Restructuring Liquidation Preferences

Guest Post by Eric Hanson-WilmerHale

Job candidates may choose to work for a startup to help build something new, to work in an environment that fosters and rewards creativity, or to get the thrill of climbing aboard a “rocket ship.” New employees rarely, if ever, guide the rocket ship’s trajectory, even though they often directly help determine it. And startup employees’ incentives usually skew heavily toward equity in the company’s option plan—rather than salary—even though these employees usually have no say in how the company’s fundraising activities will impact the eventual value and payout of the common stock held by the employees.

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Savage Deal Terms

Joseph W. Bartlett

Some of the financings in ugly investment climates are typically proposed by venture capitalists on deal terms that approach the punitive. By that I mean a Series A Round (or any professional round) which contemplates a “participating preferred” with anywhere from a ‘2X’ to a ‘3X’ return to the holder. What those abbreviated terms mean numerically is the following:

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What Do Those Deal Terms Mean?

In today’s venture financing environment, knowledge of the venture financing process is vital to ensuring fair business practice between entrepreneurs and investors. Many times, deal terms are often agreed to by entrepreneurs without a clear and concise understanding of what the terms actually mean to their company.

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Term Sheets and the “Boilerplate” Fantasy

Joseph W. Bartlett

The classic “boilerplate” in a non-binding term sheet (a/k/a a letter of intent or memorandum of understanding) includes express language that the indicative terms are “non-binding” except for such as the paragraphs on confidentiality, no brokers on either side, and responsibility for expenses. Amongst the provisions ostensibly non-binding one often finds a provision regarding the upcoming definitive agreement(s), which the parties undertake to negotiate in “good faith.” All boilerplate in the eyes of many practitioners.

I am a determined advocate for the proposition that there is no such thing as “boilerplate” if that means language which can be inserted robotically in an agreement, including a term sheet, because the wordsmiths need not waste their time in hyper-analyzing the meaning … just plug in the excerpts from a model form.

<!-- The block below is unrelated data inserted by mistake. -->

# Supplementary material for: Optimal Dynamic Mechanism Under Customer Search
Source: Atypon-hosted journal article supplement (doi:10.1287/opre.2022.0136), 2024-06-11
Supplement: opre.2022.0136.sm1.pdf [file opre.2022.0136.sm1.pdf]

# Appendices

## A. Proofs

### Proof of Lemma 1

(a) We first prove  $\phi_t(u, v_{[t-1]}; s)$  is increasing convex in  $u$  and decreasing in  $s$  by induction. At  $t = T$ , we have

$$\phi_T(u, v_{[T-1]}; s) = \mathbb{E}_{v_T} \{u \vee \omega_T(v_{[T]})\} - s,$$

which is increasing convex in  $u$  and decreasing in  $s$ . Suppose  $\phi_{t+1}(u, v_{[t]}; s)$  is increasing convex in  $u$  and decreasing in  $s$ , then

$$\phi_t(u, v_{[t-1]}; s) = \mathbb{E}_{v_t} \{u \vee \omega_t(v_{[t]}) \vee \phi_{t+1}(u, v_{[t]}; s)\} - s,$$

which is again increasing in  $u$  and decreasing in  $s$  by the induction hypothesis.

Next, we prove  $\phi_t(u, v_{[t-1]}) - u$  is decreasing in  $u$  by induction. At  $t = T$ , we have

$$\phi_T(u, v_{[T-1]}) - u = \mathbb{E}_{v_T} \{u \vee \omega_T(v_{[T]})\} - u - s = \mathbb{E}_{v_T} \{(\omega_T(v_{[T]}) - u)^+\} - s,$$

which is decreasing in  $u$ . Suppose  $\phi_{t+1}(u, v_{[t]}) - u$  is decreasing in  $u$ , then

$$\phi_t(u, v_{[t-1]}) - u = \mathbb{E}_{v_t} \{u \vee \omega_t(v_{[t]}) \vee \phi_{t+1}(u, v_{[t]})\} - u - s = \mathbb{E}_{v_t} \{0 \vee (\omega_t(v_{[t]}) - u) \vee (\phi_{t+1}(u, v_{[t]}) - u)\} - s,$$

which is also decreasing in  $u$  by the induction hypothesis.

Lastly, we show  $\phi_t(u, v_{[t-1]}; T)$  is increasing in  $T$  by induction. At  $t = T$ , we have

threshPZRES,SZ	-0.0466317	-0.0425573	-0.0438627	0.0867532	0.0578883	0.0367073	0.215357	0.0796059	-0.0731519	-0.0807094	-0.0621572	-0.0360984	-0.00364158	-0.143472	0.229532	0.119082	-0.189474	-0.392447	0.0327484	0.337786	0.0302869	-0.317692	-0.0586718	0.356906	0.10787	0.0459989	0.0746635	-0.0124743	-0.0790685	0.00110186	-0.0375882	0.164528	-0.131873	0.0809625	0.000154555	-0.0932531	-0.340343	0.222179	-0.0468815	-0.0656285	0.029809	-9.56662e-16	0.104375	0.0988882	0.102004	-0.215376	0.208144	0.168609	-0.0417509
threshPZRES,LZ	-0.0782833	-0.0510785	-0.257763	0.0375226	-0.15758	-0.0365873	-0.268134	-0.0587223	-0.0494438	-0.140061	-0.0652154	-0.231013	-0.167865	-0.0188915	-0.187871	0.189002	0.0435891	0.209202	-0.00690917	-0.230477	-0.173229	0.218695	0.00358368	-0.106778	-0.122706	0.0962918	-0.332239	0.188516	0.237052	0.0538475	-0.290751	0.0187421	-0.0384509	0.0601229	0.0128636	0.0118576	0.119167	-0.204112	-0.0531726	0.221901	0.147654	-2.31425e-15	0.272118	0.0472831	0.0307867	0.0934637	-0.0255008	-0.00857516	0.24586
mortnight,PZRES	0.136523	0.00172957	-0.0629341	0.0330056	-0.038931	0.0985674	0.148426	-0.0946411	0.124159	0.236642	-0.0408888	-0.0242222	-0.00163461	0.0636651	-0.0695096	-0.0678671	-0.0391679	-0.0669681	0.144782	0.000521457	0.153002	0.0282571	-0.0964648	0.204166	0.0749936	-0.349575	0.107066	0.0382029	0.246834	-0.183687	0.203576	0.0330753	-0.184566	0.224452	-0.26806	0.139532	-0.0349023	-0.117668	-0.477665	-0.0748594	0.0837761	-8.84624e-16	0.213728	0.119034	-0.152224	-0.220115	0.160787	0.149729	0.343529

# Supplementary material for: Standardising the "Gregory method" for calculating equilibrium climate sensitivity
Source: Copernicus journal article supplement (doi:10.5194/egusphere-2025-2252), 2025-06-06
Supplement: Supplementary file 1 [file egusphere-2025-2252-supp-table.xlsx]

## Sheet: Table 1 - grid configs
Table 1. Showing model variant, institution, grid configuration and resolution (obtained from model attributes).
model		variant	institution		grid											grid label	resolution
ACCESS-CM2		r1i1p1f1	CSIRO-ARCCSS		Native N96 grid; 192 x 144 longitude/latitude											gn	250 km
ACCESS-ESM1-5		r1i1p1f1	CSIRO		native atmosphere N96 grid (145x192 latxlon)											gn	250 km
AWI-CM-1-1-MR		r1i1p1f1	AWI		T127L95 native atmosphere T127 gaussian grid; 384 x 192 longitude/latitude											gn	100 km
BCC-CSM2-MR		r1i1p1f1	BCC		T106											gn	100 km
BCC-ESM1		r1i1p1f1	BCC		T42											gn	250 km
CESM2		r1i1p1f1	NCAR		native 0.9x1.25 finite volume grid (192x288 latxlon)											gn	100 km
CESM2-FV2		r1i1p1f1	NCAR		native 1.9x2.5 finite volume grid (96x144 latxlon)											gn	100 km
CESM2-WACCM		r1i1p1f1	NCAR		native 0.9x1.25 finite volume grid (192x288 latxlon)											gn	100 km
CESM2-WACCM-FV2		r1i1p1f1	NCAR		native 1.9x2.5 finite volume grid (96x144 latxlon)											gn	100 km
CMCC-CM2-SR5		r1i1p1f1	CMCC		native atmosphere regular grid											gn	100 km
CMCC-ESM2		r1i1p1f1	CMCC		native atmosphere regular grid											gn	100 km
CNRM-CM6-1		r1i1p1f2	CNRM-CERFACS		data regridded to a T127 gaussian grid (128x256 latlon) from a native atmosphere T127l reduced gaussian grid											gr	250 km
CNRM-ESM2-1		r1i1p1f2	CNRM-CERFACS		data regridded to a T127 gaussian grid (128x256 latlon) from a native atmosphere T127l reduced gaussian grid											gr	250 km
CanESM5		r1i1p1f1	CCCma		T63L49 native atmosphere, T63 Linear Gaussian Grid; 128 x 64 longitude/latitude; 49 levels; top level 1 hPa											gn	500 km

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Late Stage Deal Term Teardown

Take a moment to check out some of the trends surrounding Late Stage Valuations and Deal Terms. Included in the report is an analysis of over 200 companies and 270 deals.
VC Experts – Late Stage Deal Term Teardown is FREE, please don’t hesitate to pass it along.

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How Venture Capitalists Talk

Joseph W. Bartlett

This post reviews basic terminology commonly used in the venture world. First, the entities into which capital sources are aggregated for purposes of making investments are usually referred to as “funds,” “venture companies,” or “venture partnerships.” They resemble mutual funds in a sense but are not, with rare exceptions (AR&D was one), registered under the Investment Company Act of 1940 because they are not publicly held and do not offer to redeem their shares frequently or at all. The paradigmatic venture fund is an outgrowth of the Greylock model, a partnership with a limited group of investors, or limited partners, and an even more limited group of managers who act as general partners, the managers enjoying a so-called carried interest, entitling them to a share in the profits of the partnership in ratios disproportionate to their capital contributions. Venture funds include federally assisted Small Business Investment Companies (which can be either corporations or partnerships) and, on occasion, a publicly held corporation along the AR&D model, styled since 1980 as “business development corporations.” This book, following common usage, will refer to any managed pool of capital as a “fund” or “partnership.”